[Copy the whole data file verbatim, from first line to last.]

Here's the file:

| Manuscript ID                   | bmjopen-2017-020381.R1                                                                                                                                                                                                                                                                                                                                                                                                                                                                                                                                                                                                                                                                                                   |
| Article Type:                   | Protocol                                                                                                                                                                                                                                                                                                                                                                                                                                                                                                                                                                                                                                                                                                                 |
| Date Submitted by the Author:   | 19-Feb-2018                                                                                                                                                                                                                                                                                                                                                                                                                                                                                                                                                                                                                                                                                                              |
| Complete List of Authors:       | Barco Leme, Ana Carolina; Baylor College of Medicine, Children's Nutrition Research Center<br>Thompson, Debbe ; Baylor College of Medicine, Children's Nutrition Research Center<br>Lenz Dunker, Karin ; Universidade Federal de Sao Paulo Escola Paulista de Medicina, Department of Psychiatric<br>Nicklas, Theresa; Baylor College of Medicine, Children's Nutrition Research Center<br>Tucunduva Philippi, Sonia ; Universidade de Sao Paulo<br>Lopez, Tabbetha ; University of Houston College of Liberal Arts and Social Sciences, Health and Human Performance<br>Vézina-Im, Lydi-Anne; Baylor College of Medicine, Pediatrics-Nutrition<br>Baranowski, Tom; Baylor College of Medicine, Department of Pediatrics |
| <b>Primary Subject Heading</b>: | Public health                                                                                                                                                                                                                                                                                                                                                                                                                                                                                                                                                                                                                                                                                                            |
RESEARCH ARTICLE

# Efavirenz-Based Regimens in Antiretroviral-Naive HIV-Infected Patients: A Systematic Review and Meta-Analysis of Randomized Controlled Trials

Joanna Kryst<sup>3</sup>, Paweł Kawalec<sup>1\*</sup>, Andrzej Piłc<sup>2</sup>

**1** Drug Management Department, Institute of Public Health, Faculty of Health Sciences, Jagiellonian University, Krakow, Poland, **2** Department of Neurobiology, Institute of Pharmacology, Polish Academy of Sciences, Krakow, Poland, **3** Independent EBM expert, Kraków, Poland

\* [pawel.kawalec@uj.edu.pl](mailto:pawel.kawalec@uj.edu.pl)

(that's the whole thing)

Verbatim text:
| Manuscript ID                   | bmjopen-2017-020381.R1                                                                                                                                                                                                                                                                                                                                                                                                                                                                                                                                                                                                                                                                                                   |
| Article Type:                   | Protocol                                                                                                                                                                                                                                                                                                                                                                                                                                                                                                                                                                                                                                                                                                                 |
| Date Submitted by the Author:   | 19-Feb-2018                                                                                                                                                                                                                                                                                                                                                                                                                                                                                                                                                                                                                                                                                                              |
| Complete List of Authors:       | Barco Leme, Ana Carolina; Baylor College of Medicine, Children's Nutrition Research Center<br>Thompson, Debbe ; Baylor College of Medicine, Children's Nutrition Research Center<br>Lenz Dunker, Karin ; Universidade Federal de Sao Paulo Escola Paulista de Medicina, Department of Psychiatric<br>Nicklas, Theresa; Baylor College of Medicine, Children's Nutrition Research Center<br>Tucunduva Philippi, Sonia ; Universidade de Sao Paulo<br>Lopez, Tabbetha ; University of Houston College of Liberal Arts and Social Sciences, Health and Human Performance<br>Vézina-Im, Lydi-Anne; Baylor College of Medicine, Pediatrics-Nutrition<br>Baranowski, Tom; Baylor College of Medicine, Department of Pediatrics |
| <b>Primary Subject Heading</b>: | Public health                                                                                                                                                                                                                                                                                                                                                                                                                                                                                                                                                                                                                                                                                                            |
RESEARCH ARTICLE

# Efavirenz-Based Regimens in Antiretroviral-Naive HIV-Infected Patients: A Systematic Review and Meta-Analysis of Randomized Controlled Trials

Joanna Kryst<sup>3</sup>, Paweł Kawalec<sup>1\*</sup>, Andrzej Piłc<sup>2</sup>

**1** Drug Management Department, Institute of Public Health, Faculty of Health Sciences, Jagiellonian University, Krakow, Poland, **2** Department of Neurobiology, Institute of Pharmacology, Polish Academy of Sciences, Krakow, Poland, **3** Independent EBM expert, Kraków, Poland

\* [pawel.kawalec@uj.edu.pl](mailto:pawel.kawalec@uj.edu.pl)